I took out the new camera (thanks again to all the donors) and its first shot goes to brother Scott, who knows how to go down in style.
4am significant buoy readings
No southerly energy at the buoys, the Surfline forecast calls for 1.1f 10s.
6.9ft @ 13s from 305° (WNW)
7.4ft @ 13s from 322° (NW)
6.1ft @ 14s from 325° (NW)
2.8ft @ 8s from 54° (ENE)
2.4ft @ 6s from 68° (ENE)
New NW swell peaked during the night, the numbers at the buoys are pretty solid. Nothing huge, 6f 14s will provide sets occasionally up to double overhead, even mast high for the windsurfers in the afternoon with the addition of the windswell peaks. Stay tuned for a 6.30am beach report from Hookipa.
Let's have a look at the fetch that generated this swell. Below are the maps of Dec 31 and Jan 1. As you can see, the fetch is not as west as the previous days one that generated the WNW swell of the last couple of days. That means that we won't get blocked as much. The NW101 buoy reads 6.9ft @ 13s from 305° (WNW) and 305 happens to be exactly the shadow line from Hookipa to Molokai.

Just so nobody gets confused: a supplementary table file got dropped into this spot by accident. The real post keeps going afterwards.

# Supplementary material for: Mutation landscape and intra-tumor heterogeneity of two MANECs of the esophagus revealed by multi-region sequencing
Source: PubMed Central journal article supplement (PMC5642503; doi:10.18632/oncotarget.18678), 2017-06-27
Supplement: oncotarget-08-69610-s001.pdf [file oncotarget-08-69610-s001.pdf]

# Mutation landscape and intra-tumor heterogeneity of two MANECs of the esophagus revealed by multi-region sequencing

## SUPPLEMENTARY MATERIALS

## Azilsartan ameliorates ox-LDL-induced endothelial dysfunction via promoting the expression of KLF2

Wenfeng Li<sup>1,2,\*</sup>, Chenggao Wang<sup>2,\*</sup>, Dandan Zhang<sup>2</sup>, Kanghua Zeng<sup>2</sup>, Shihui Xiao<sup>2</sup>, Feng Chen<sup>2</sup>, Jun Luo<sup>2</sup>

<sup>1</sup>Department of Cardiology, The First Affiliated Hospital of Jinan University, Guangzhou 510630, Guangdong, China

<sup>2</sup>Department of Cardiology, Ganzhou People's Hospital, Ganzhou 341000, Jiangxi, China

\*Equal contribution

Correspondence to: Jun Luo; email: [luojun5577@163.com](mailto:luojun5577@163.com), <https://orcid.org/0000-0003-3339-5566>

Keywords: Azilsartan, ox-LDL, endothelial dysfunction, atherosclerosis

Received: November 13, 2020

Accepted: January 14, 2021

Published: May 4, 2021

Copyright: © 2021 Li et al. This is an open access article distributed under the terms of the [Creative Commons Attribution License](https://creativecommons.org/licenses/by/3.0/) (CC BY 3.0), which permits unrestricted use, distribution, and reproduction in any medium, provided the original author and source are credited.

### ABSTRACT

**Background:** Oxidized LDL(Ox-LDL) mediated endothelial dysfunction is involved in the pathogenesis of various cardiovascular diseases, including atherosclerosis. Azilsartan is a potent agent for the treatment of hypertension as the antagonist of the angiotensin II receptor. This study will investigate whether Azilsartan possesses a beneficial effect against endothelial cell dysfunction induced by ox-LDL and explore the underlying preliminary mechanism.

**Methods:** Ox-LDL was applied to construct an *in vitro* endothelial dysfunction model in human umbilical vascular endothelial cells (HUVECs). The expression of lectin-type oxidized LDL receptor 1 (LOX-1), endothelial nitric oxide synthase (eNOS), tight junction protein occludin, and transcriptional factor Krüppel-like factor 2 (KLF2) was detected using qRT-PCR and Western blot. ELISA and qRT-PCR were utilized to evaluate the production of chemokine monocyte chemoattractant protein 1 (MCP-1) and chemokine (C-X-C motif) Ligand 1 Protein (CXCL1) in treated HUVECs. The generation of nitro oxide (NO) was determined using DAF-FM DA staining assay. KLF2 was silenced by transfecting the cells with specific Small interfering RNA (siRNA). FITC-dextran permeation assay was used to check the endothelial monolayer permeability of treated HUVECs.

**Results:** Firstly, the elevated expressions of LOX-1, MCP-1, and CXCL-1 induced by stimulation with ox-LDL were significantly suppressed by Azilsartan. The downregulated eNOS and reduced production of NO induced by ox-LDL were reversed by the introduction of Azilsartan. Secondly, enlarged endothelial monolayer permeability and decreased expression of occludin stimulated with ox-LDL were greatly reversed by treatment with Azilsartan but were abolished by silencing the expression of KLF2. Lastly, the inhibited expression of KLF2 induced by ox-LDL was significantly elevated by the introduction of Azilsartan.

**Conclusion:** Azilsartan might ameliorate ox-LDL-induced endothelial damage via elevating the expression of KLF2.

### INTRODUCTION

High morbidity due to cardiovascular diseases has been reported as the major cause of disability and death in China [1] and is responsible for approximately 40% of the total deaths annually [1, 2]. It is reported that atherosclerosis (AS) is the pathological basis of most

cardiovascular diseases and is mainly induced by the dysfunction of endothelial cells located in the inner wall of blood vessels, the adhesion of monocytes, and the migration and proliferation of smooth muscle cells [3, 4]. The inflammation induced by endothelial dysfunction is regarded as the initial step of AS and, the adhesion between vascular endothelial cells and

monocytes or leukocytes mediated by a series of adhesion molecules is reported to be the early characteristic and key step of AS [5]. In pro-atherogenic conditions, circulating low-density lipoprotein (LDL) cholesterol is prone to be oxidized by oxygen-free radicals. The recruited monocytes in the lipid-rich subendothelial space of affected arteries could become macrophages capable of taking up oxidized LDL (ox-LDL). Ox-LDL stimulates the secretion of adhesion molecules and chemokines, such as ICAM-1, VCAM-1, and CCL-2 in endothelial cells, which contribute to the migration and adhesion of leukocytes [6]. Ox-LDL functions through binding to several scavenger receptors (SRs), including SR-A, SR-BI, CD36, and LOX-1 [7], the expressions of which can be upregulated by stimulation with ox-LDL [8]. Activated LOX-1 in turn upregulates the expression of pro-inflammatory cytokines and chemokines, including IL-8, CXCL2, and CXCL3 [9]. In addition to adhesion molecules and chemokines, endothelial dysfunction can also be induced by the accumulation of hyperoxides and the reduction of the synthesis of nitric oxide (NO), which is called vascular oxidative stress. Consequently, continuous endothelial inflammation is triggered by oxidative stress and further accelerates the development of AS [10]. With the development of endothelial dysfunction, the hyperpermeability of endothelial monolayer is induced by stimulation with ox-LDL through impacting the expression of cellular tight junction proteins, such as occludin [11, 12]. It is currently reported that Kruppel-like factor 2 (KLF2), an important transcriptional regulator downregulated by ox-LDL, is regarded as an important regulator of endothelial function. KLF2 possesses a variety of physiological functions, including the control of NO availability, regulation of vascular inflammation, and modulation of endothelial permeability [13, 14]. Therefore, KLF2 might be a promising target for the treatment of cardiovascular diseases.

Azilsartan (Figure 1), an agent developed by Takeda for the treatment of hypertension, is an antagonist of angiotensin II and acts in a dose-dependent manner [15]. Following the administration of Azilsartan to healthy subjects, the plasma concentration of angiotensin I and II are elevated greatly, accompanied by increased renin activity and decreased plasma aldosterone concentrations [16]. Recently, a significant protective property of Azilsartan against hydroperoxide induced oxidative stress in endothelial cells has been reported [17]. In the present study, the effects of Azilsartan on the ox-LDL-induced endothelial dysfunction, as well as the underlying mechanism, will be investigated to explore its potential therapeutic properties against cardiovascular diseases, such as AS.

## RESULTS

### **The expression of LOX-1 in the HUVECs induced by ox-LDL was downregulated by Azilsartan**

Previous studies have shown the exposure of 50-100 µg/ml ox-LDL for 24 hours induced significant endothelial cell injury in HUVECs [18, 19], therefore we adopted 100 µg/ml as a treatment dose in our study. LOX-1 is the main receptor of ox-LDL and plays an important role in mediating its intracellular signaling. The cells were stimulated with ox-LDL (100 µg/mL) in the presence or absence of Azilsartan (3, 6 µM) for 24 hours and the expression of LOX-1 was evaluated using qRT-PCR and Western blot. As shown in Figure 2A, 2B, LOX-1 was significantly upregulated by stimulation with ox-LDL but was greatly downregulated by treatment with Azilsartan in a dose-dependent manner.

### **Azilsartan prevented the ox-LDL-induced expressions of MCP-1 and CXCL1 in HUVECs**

Here's an important thing some surfers are not aware of. When you see a direction of a swell either at the buoys or in a forecast, the swell will not be only from exactly that direction. That's just the dominant direction, the one that has the most energy associated with. But the sets will come from a range of directions around the dominant one. In this case, for example, Pat Caldwell indicates a range of 310-330, so we should not get much blockage at all. The past couple of days, the range was 280-330, and that's why the consistency of the sets was low: the more westerly sets didn't make it to Maui's north shore, only the more northerly ones did.
Below is the collage of the graphs of NW101, Waimea, Pauwela and the Surfline forecast. The swell peaked during the night locally, but it's still going to be pretty solid all day.
Wind map at noon shows easterly trades.
North Pacific shows yet again a WNW fetch.
South Pacific doesn't offer anything of relevance.